In addition to no-fault grounds, a petitioner (or the respondent if he or she files a counter-petition for divorce) may seek a divorce on fault grounds. Available fault grounds include cruelty, adultery, abandonment, and felony conviction and imprisonment of a spouse. Fault and no-fault grounds can be alleged together in the same petition. Proving a fault ground can impact how the court decides other issues in the divorce, including child custody  and property division. For example, if you can prove that your spouse committed adultery or abused you during the marriage, the court can award you a larger share of the community property. I am frequently asked whether a spouse’s conduct during a period of “separation” is relevant once a party files for divorce. The answer is “yes.” Texas does not recognize legal separation. You and your spouse are married until a final decree of divorce is entered by a court. This means, for example, that being romantically involved with someone other than your spouse while “separated” constitutes adultery under Texas law and can be used against you in a future divorce proceeding.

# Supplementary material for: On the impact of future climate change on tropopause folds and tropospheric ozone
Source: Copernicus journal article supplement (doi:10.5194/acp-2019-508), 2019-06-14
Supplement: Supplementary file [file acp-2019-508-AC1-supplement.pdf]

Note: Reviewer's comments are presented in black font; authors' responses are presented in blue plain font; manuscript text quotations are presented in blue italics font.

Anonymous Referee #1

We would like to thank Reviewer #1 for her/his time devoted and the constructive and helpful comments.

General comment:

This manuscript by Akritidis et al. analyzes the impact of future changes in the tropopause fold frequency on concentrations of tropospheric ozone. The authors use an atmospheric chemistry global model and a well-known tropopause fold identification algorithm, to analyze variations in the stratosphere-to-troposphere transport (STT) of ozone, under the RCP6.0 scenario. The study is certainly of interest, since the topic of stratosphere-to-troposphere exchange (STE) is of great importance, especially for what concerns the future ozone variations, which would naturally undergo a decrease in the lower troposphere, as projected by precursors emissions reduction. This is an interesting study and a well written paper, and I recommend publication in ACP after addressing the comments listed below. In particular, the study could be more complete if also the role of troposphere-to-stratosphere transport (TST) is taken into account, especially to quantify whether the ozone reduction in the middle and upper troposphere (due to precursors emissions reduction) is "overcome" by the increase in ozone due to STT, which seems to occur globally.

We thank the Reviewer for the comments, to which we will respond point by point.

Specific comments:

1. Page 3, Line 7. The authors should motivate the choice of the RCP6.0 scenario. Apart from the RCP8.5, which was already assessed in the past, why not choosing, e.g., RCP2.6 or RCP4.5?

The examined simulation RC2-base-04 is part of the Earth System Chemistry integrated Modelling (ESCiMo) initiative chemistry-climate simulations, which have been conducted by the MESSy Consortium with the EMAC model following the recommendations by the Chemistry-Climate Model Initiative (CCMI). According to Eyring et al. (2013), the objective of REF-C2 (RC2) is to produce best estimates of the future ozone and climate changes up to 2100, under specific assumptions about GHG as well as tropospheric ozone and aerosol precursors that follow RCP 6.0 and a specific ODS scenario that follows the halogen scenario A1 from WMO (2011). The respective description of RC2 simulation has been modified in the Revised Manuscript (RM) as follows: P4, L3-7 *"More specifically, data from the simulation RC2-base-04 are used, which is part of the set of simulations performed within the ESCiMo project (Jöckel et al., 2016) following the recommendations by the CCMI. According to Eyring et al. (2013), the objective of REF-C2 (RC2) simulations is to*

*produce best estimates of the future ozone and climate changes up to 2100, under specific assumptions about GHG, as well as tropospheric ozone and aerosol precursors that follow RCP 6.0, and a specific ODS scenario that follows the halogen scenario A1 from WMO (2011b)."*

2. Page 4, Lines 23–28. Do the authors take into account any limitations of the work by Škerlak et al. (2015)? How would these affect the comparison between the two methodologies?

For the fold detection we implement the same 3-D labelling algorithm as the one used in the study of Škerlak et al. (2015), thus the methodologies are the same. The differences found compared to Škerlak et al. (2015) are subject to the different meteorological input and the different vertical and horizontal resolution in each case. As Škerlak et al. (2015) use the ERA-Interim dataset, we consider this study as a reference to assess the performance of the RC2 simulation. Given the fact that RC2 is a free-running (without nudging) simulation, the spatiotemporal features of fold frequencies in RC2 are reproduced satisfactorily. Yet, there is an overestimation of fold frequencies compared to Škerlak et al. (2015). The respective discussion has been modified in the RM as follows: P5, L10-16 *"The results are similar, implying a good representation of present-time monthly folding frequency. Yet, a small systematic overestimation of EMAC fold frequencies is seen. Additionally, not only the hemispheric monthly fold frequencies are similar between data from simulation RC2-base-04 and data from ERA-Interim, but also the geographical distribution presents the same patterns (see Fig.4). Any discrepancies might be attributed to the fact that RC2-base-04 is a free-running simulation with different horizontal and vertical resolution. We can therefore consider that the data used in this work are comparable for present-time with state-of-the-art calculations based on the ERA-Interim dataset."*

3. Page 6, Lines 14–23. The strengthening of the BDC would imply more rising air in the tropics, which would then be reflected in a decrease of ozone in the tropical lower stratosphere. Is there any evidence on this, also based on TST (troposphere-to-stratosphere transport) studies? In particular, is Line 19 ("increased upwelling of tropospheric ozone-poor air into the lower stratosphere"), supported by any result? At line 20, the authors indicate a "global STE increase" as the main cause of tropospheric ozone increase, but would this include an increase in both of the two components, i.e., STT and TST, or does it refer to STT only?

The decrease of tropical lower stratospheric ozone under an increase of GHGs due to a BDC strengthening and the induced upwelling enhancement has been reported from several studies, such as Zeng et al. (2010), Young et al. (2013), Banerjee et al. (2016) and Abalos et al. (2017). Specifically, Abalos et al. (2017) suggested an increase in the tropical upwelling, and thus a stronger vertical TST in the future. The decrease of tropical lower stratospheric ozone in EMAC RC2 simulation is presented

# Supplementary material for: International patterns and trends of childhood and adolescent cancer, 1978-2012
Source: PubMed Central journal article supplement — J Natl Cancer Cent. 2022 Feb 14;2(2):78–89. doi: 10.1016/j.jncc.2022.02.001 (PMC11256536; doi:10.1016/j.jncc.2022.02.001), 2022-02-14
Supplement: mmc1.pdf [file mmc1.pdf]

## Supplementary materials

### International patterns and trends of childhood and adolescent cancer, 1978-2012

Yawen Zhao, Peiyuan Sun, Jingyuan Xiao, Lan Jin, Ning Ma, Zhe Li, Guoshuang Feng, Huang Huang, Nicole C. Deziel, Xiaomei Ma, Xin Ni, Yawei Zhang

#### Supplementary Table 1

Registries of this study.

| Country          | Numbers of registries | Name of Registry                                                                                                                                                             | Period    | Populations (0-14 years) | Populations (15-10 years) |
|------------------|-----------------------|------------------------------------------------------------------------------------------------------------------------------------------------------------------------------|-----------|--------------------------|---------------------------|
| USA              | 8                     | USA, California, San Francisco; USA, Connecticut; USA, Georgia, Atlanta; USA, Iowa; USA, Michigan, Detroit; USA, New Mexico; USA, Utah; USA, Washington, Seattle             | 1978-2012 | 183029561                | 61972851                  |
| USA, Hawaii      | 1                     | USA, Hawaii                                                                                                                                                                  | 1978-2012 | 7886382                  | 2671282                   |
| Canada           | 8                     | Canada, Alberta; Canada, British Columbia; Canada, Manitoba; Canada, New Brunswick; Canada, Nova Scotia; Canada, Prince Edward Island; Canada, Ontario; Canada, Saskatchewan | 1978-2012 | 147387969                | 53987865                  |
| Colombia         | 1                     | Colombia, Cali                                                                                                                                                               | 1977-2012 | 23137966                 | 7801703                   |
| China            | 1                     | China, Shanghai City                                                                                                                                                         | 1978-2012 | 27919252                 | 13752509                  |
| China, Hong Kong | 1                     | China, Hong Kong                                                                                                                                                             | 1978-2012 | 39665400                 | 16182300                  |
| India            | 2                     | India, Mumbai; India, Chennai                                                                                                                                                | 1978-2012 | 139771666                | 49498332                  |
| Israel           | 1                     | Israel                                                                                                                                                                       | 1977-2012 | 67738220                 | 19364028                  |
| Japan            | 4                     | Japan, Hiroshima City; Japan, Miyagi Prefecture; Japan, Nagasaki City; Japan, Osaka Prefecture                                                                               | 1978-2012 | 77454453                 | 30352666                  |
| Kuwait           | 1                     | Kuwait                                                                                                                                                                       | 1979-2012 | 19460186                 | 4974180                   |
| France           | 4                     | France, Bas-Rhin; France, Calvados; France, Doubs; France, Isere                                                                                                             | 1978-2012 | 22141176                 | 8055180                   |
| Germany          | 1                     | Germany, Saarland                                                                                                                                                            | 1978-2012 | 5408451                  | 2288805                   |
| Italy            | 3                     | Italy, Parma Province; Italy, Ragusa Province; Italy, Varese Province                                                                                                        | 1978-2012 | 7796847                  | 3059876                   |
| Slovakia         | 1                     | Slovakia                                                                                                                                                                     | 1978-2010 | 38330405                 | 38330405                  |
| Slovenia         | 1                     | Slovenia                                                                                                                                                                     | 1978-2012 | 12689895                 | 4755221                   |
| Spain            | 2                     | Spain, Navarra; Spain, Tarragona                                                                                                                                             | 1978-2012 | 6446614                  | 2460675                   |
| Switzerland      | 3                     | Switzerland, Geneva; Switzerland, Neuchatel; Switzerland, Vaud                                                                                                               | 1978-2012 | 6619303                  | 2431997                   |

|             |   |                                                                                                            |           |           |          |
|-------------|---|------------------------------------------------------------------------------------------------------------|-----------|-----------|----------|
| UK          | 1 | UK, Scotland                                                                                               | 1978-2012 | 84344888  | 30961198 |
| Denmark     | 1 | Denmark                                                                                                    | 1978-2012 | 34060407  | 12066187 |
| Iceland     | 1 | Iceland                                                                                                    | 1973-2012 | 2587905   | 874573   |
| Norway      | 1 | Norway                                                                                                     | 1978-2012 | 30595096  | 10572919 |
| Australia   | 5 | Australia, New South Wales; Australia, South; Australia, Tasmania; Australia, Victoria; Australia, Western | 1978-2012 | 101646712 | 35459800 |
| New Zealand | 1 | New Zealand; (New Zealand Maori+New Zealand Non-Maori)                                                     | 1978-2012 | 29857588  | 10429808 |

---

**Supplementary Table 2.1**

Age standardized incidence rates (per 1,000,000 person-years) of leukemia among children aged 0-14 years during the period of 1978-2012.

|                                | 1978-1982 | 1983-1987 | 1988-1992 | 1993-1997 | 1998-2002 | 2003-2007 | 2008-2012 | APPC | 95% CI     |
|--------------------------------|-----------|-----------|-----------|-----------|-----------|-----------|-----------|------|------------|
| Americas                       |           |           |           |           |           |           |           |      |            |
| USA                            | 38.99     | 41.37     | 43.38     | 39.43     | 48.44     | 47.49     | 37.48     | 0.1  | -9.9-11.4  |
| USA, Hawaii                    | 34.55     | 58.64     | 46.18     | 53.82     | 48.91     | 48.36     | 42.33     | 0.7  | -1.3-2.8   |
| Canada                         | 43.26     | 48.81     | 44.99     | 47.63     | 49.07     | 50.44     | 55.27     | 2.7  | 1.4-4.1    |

Once the petition and answer are filed, the next stage in the divorce process is the entry of temporary orders. Temporary orders can happen relatively quickly–within a week of when the divorce petition is filed. Temporary orders in family law litigation are orders issued by the court following a hearing that govern custody and support of the children, the preservation and protection of the parties’ property, and the parties’ interaction with each other while the divorce is pending. Given that divorce litigation can last for months, if not years, this is a critical phase in the divorce process. For example, temporary orders can prohibit the parties from hiding or selling assets, raiding the checking account, shutting off the utilities, or removing the children from the county where the divorce is pending. If you’re the less monied spouse–perhaps a stay-at-home mom–and don’t have access to your spouse’s assets to pay a divorce attorney, the court can order the monied spouse to pay your reasonable attorney’s fees while the divorce is pending. As any good divorce attorney will tell you, temporary orders are important because temporary orders have a tendency to become final orders, meaning that the court’s final orders with respect to property, child support, child custody, and other issues often mirror the temporary orders.